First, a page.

Saturday, December 30, 2017

More Around the Observaory

Griffith Park has been my only consistent walking area, just because, on many weeknights, I head up there early (to beat the traffic), then have hours to kill before my shift begins.
As the winter solstice approached, I thought it would be fun to try to catch the sun, setting near the Observatory. That meant finding a spot to the east.
All of these shots were from one of two hikes I took between the Observatory and Glendale Peak. According to the "Tom LaBonge" map, Glendale Peak is 1,184 feet tall. That's 400-500 feet shorter than the "top" peaks on Griffith Park, like Mount Hollywood (1625 ft), Mount Bell (182), Mt. Chapel (1614) or Mt. Lee (1680), so Glendale Peak doesn't exactly stand out from the crowd. In fact, standing at the Observatory, it doesn't look like much of a peak, at all.
Nonetheless, it is about fifty feet higher than the Observatory grounds, so, from Glendale Peak, you are looking slightly over the spot. Your altitude becomes somewhat apparently when you notice you can see the ocean over the Observatory lawn.

There are multiple routes between the Observatory and Glendale Peak, but none of them are direct. One way takes you up the Charlie Turner Trail, east, below Mount Hollywood, past Dante's View, then along teh East Ridge (Hogback) Trail. The spur to Glendale Peak is right after crossing the small metal bridge.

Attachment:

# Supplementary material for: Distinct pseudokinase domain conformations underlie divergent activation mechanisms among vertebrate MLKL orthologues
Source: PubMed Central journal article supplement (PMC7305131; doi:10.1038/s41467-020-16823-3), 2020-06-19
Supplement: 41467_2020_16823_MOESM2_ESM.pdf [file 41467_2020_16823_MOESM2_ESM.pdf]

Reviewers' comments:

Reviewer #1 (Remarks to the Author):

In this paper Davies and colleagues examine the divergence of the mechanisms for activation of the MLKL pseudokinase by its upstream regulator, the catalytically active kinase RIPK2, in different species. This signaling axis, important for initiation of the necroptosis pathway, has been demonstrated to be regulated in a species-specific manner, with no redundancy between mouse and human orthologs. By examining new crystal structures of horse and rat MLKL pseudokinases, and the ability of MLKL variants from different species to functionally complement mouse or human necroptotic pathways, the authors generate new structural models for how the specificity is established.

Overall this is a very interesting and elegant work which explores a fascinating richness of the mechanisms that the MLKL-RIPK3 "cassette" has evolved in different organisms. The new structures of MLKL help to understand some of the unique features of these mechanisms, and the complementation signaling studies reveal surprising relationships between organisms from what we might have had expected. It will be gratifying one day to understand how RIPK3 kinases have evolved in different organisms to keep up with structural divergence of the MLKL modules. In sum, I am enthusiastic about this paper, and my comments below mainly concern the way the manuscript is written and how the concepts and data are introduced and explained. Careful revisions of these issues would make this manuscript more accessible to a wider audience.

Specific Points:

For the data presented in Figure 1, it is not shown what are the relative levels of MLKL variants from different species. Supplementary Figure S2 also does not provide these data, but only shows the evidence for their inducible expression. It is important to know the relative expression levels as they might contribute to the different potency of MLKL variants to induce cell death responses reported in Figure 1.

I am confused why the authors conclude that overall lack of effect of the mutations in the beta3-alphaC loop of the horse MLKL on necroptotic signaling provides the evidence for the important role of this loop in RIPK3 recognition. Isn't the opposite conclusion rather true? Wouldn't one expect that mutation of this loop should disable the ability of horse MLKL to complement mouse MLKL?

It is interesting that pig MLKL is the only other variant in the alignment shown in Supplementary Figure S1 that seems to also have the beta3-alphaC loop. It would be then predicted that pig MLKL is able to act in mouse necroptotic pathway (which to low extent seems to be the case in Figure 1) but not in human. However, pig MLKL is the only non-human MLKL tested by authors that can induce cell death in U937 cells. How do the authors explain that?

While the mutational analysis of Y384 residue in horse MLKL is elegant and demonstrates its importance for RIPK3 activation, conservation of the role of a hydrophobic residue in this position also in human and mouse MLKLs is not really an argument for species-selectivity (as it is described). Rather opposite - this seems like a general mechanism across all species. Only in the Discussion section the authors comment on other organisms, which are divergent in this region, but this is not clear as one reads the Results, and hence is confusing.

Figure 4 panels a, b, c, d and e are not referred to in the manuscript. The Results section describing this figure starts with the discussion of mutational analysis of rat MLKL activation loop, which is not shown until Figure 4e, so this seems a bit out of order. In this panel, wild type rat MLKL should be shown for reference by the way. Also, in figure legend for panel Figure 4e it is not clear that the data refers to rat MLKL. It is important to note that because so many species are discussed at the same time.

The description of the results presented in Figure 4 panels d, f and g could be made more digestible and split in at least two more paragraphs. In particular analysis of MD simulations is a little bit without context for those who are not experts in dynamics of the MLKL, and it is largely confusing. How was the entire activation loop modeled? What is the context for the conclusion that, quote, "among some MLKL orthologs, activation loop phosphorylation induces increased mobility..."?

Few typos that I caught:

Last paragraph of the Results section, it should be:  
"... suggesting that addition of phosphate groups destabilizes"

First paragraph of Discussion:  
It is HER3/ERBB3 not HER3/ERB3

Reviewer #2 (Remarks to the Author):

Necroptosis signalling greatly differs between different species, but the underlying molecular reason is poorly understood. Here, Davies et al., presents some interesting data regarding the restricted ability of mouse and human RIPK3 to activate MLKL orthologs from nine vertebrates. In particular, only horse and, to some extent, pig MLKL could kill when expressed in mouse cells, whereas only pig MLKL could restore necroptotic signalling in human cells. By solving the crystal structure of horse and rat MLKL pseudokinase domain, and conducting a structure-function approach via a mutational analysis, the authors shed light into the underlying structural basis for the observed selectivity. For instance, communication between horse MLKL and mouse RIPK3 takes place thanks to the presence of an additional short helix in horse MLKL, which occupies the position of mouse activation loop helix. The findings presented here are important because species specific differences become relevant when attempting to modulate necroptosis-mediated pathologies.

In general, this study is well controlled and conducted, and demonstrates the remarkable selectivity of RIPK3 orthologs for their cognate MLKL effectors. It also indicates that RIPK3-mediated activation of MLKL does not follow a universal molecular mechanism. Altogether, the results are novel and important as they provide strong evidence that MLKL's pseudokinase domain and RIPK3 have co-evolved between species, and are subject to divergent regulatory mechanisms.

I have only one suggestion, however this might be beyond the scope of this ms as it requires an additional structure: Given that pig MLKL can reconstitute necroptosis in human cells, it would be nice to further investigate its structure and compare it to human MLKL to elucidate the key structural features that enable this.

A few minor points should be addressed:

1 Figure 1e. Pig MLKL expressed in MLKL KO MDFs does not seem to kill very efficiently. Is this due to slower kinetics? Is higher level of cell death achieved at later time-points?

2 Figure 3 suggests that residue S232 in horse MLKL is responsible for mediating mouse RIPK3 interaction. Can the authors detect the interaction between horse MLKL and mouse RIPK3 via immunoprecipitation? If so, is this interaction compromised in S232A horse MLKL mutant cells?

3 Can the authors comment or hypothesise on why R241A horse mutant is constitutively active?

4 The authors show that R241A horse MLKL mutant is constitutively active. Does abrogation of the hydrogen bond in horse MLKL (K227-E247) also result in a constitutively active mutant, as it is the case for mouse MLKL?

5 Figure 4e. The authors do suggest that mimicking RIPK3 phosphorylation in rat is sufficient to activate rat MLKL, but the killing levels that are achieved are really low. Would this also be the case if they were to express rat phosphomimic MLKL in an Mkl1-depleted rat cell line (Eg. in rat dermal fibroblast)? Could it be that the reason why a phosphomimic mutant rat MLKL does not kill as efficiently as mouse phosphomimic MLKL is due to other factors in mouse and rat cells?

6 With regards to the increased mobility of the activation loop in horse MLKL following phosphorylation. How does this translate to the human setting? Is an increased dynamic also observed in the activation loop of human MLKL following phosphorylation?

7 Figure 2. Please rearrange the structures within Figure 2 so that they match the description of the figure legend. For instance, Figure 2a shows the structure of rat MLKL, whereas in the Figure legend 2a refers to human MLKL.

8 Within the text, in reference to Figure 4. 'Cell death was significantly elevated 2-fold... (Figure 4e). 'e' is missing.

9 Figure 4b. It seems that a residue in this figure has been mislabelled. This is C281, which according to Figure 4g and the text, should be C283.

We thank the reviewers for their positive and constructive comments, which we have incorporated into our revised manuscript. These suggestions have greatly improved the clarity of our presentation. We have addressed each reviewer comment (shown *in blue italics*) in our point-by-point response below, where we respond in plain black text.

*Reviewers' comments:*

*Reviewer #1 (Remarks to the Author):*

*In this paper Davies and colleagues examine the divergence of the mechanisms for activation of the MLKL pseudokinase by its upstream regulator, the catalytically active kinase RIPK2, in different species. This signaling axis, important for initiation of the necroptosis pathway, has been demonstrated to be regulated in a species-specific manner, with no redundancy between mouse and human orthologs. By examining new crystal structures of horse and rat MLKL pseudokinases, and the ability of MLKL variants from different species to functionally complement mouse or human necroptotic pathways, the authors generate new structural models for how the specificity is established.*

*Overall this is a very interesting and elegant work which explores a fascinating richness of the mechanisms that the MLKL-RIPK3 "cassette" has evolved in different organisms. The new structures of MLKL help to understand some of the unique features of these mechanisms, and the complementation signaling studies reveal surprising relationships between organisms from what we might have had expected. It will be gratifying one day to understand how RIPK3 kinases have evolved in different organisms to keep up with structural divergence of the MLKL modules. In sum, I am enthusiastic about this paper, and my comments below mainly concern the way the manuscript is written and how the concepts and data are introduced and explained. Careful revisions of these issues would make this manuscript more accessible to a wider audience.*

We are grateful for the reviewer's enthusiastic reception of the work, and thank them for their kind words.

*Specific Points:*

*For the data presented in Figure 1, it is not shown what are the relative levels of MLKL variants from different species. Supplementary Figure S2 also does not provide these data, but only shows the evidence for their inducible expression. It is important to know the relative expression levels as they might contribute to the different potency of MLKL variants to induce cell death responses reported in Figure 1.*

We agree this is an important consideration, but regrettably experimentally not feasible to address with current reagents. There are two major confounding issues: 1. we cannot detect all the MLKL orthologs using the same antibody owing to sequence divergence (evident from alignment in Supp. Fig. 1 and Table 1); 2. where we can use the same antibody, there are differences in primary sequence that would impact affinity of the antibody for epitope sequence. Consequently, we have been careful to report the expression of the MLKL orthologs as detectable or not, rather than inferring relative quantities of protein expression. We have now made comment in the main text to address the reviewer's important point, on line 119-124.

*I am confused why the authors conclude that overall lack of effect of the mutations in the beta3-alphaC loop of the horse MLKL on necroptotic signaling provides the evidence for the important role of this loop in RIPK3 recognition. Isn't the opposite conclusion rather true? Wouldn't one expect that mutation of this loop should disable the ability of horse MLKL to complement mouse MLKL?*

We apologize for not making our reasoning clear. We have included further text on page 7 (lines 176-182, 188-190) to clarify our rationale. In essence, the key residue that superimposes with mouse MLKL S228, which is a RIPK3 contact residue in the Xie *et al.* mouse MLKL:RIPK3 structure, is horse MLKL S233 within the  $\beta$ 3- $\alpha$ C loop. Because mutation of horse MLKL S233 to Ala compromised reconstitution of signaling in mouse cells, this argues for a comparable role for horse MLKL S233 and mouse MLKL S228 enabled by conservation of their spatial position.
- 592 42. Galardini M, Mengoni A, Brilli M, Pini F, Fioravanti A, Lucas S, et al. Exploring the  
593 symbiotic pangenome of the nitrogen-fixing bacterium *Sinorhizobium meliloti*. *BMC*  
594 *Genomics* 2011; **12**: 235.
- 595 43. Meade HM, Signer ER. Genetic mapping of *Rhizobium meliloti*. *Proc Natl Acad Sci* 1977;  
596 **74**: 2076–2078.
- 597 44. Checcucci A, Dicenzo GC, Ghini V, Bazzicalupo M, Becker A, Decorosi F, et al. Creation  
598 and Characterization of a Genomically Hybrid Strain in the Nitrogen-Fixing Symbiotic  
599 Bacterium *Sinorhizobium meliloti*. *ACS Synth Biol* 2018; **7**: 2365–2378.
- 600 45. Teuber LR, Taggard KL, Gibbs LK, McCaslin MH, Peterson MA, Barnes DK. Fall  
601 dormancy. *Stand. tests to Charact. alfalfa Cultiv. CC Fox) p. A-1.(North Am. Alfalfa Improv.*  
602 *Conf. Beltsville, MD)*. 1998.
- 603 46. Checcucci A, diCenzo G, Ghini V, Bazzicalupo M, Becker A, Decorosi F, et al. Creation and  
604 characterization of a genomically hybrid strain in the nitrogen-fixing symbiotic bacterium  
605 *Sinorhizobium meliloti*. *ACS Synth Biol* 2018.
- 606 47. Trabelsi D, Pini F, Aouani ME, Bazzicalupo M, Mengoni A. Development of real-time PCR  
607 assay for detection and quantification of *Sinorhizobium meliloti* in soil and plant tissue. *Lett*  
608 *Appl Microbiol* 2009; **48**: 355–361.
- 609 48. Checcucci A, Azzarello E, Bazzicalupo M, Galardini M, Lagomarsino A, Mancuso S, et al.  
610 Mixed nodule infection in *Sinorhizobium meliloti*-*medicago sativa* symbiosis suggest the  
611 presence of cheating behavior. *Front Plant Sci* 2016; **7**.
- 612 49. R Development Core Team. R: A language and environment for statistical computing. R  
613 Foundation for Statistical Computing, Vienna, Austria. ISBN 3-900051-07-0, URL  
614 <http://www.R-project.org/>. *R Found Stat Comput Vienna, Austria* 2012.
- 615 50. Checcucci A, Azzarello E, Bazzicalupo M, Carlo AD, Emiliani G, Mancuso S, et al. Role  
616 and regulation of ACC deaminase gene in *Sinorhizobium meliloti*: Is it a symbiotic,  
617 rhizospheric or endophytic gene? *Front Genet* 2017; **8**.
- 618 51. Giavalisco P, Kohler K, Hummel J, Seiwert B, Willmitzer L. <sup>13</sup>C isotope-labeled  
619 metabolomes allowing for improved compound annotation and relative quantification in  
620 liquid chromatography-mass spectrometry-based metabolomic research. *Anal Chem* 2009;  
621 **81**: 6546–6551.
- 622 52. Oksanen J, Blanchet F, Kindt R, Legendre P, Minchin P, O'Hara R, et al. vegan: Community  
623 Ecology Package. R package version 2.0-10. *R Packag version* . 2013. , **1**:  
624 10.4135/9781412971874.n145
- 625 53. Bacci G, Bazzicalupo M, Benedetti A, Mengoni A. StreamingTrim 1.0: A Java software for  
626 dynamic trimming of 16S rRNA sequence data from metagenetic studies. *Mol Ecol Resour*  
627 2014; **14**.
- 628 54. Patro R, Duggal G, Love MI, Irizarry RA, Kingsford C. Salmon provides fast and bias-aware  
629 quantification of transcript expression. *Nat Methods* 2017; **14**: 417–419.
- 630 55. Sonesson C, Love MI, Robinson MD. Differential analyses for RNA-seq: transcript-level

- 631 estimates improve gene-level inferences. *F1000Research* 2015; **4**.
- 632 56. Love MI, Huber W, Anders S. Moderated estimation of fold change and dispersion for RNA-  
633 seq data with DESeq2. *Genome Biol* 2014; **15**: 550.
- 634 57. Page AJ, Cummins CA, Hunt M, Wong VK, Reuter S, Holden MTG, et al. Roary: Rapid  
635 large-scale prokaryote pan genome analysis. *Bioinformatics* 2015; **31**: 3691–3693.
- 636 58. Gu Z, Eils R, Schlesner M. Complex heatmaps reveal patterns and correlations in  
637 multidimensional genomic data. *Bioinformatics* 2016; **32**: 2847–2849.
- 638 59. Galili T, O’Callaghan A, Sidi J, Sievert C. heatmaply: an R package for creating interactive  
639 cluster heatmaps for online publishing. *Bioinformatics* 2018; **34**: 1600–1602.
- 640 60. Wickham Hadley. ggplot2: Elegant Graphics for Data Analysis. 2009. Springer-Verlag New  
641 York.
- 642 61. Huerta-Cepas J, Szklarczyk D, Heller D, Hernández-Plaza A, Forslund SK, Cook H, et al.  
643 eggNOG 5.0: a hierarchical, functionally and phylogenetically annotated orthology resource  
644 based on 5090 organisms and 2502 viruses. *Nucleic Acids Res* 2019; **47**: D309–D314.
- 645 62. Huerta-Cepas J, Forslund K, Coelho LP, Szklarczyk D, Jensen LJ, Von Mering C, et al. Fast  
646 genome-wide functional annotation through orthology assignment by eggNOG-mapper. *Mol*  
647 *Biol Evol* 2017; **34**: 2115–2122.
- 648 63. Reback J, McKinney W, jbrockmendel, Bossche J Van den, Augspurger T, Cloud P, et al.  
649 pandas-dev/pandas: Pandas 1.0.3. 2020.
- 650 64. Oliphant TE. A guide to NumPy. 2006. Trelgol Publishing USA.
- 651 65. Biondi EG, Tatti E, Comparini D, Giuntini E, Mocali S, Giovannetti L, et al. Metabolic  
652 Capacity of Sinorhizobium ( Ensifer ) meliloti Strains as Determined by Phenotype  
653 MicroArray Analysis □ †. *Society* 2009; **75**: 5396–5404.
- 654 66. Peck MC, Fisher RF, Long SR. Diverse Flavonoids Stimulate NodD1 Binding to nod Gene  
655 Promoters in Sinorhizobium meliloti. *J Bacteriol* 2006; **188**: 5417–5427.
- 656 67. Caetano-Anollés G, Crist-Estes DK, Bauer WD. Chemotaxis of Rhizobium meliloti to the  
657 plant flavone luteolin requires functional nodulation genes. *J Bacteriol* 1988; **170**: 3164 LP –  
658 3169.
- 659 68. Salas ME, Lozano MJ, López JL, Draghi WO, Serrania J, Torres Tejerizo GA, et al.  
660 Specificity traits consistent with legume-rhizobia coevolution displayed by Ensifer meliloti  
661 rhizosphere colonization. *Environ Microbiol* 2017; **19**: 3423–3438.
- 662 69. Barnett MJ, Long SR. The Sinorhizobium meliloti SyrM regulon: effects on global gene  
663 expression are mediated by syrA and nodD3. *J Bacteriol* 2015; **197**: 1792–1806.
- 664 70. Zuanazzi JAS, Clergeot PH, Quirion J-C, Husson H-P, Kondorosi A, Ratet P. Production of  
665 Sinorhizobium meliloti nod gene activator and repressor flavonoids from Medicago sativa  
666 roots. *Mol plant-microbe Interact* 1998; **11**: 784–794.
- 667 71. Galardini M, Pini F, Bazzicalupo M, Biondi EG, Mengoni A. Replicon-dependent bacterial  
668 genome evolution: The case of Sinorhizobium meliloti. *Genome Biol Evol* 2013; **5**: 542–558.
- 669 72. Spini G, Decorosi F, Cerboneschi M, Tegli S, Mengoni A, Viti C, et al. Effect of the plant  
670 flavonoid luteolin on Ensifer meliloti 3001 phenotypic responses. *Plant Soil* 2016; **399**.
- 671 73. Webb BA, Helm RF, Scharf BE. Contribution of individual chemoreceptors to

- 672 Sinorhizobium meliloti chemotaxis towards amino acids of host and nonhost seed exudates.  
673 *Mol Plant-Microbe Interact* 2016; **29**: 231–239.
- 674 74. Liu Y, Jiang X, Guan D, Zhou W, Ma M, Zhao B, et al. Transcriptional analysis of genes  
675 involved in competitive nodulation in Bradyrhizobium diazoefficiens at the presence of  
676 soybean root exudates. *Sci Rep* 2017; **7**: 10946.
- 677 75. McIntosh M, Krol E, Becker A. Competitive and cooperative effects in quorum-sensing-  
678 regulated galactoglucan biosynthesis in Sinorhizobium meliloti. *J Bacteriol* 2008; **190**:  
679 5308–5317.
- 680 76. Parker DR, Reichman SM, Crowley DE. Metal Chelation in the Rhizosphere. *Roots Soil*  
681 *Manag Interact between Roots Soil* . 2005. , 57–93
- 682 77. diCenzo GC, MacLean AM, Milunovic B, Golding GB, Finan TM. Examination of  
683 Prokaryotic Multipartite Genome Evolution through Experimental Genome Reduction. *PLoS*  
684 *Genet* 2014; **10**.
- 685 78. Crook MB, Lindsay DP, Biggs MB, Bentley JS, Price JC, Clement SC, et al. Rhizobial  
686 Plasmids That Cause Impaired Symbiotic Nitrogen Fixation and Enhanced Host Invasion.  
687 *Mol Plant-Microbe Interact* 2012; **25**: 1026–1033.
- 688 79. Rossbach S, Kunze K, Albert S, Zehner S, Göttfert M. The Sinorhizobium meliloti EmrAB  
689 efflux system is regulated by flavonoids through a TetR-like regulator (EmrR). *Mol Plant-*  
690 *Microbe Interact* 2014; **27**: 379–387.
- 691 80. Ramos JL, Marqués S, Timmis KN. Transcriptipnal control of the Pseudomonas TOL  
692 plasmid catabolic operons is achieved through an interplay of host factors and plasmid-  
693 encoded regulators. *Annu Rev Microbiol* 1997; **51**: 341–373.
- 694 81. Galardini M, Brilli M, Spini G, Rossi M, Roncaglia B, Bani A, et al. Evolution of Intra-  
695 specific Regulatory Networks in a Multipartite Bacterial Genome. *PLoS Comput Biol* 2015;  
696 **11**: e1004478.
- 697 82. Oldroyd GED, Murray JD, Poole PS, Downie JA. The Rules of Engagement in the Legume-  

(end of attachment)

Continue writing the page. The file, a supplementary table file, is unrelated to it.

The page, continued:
Route two from the Observatory would be down the Boy Scout Trail, across Vermont Canyon Road, along Commonwealth Canyon Drive, up to the Riverside Trail, then up around to Glendale Peak.
I'm pretty sure the latter route is shorter and has less altitude change, yet either seems pretty long when you're walking. It shouldn't seem that long, since I used to walk further than that all the time, but just not much of that, recently. Wild guess would be about two miles each way via the latter route, and 2.5 miles each way via the former. A loop makes it about 4.5 miles.
My first hike this loop was the Sunday before the Solstice. Wasn't sure if the spot would work, but it pretty much did. The sun set just a bit north of the Astronomers Monument, on the lawn of Griffith Observatory. I returned again the Friday after (the day after) the Solstice. The setting location must have differed, but not appreciably.

On that second trip, I knew a SpaceX launch was scheduled for shortly after sunset. My plan was to try to get back to the Hollywood Sign viewpoint on the Charlie Turner Trail. Figured I could set my small tripod on the seating area there, and get a somewhat more stabilized camera for my shots. But I didn't quite make it back there by the time I saw the rocket, steaming off into space. So I stopped, attached my long telephoto, and took some shots. I also took some with my wide angle. The launch was visible for several minutes from most of southern California, so I had time to make those switches.